A lot of people have been commenting about the changing format of MTV to basically a programming channel as opposed to showing music videos, what do you think of that and can you see MTV2 going down that path?
The channels are needed to play music and to promote new videos, MTV UK couldn’t justify its format if other channels changed to follow suit so I don’t think many of the others will go to that format. MTV2 only really shows relevant programmes to the channel’s style such as Viva La Bam but of late we’ve been trying to show a lot more music orientated programming, like Live Night Saturday and Headbangers Ball.
We’re devoted to showing new bands that wouldn’t necessarily get play on the mainstream MTV channel, bands such as The Subways and Nine Black Alps. I’m trying to carry that on with my radio show too and it’s exciting for me that there is space for new UK rappers and artists such as Rayno. I know that the music scene is developing really well because at the end of a week’s programming with Radio One we still have bands left over that we couldn’t fit in. After the musical black hole of the nineties with the dominance of manufactured pop it’s great that the scene has grown so much and it’s now really tangible and exciting.
What do you think was the catalyst for that?
I would have to give a quite controversial answer for that one and say Nu-metal. Without it the music world wouldn’t be like this, it wouldn’t be acceptable to play rock and roll on the radio without bands such as Limp Bizkit, Linkin Park and Papa Roach.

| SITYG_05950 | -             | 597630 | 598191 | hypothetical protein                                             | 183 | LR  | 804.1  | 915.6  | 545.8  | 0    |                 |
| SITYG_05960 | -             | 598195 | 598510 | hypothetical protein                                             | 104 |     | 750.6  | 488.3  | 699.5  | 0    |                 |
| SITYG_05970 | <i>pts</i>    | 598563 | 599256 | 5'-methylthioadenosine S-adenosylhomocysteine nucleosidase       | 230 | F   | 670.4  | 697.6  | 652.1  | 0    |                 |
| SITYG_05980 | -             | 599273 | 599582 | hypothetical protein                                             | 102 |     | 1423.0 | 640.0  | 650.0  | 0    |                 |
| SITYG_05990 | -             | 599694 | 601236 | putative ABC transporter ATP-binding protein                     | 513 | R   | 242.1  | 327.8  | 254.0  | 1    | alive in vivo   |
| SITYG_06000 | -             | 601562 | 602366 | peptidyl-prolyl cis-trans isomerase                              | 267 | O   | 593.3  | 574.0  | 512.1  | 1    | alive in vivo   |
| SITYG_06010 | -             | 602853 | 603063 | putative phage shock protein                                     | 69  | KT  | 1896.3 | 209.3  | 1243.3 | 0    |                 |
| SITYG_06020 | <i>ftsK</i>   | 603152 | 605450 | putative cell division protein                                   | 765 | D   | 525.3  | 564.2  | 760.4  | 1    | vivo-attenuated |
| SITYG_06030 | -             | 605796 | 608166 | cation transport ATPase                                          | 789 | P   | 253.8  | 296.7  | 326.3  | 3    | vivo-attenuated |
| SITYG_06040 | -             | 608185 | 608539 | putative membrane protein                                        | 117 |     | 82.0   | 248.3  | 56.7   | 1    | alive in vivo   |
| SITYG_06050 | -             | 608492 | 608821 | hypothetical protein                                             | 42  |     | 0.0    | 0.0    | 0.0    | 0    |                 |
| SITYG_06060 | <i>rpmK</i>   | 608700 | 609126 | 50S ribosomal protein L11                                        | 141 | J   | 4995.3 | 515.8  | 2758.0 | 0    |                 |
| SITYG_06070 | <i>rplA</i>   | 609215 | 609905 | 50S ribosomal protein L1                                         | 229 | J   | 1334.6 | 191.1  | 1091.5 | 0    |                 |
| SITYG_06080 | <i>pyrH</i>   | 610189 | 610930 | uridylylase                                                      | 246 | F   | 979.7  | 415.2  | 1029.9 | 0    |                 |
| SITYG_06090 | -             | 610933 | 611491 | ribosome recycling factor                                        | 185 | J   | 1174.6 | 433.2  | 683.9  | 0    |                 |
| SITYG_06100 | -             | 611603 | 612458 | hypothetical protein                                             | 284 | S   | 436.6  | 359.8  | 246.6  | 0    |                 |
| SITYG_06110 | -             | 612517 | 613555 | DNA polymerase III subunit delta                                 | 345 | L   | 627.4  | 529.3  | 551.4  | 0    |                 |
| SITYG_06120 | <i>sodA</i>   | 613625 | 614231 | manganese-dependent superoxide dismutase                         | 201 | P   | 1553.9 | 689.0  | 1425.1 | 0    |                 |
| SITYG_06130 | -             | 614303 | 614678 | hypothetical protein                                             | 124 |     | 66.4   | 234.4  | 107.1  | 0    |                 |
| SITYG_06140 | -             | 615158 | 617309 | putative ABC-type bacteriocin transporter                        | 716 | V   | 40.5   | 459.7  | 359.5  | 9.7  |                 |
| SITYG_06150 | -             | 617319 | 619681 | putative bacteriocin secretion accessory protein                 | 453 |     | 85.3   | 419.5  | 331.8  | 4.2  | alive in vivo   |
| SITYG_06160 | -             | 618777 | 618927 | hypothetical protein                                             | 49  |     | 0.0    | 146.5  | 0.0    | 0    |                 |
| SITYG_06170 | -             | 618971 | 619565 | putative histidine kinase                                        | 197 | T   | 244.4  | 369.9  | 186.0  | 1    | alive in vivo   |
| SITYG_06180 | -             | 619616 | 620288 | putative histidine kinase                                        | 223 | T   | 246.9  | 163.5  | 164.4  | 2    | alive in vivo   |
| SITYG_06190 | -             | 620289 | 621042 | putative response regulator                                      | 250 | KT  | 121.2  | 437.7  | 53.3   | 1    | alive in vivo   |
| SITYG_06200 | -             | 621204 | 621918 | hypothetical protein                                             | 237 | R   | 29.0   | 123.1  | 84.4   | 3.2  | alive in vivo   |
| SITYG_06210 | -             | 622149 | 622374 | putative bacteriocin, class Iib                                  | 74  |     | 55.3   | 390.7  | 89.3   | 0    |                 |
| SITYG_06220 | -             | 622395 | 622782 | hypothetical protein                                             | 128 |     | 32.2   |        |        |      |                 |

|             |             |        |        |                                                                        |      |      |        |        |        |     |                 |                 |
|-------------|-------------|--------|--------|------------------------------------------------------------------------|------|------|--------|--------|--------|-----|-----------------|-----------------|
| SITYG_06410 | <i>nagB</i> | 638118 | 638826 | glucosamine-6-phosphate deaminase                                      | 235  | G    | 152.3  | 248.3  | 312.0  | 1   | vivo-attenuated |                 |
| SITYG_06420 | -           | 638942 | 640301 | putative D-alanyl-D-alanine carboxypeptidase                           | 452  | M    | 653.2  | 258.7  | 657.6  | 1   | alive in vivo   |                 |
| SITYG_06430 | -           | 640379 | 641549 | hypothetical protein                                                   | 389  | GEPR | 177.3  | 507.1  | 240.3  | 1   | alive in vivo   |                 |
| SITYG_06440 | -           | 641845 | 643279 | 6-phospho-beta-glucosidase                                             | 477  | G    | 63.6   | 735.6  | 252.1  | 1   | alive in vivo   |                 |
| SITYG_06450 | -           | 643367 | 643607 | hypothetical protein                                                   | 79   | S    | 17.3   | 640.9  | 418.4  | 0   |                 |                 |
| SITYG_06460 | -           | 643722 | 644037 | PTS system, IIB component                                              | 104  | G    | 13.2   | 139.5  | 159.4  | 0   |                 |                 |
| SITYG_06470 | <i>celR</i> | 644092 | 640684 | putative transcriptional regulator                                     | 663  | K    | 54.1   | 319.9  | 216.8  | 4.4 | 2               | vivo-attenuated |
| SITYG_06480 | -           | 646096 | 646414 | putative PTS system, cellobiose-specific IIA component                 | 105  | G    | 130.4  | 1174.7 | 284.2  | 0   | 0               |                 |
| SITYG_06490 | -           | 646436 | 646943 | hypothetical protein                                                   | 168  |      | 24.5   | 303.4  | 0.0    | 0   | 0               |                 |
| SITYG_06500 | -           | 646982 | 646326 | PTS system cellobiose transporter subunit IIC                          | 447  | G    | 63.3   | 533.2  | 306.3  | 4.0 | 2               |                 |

Yeah I know that was what got me into music properly a few years ago
Exactly and whilst a lot of people are going to go “as-if!” to this answer I know that when I played Nookie on XFM back when it came out it sounded so explosive compared to the “safe” music it was surrounded by. There’s nothing wrong with Stereophonics and Travis but Nu-metal had an edge that had been missing since the hair metal days of the eighties.
So yeah I would say it was a key vital moment in nineties music, at that time I became the “King of Nu-metal” something I tried to get rid of but you can’t underestimate the importance of the style in bringing rock back to the airwaves.
And finally, it’s been in the news a lot lately because of Americans getting arrested, what do you think of music downloading?
That is the million dollar question, I think that the regulation of it has been smart and Steve Jobs seems to know what he’s doing. The singles chart is now more a form of advertisement, albums are the substance so by kick starting the idea of making singles available for downloading it’ll hopefully push people to go out and buy the albums.
There are two sides to the whole issue though, and this way things are slowly shaping up for fair representation especially for smaller bands who won’t get money from illegal downloading, but these new schemes are ensuring some money does reach them for their music.
What do you think of the Metallica debate?
I think it was poorly handled by Lars (Ulrich, drummer and founder of the band). He was shooting on his own fans. It was a misguided approach, one which, when I’ve spoken to him about it, he’s said he regrets. What he was saying though so many people were thinking but not many people were willing to say. Few people know that Dr Dre gave a sound bite on the issue but it wasn’t well publicised. The basic thing that comes from this is that you just don’t take your fans to court!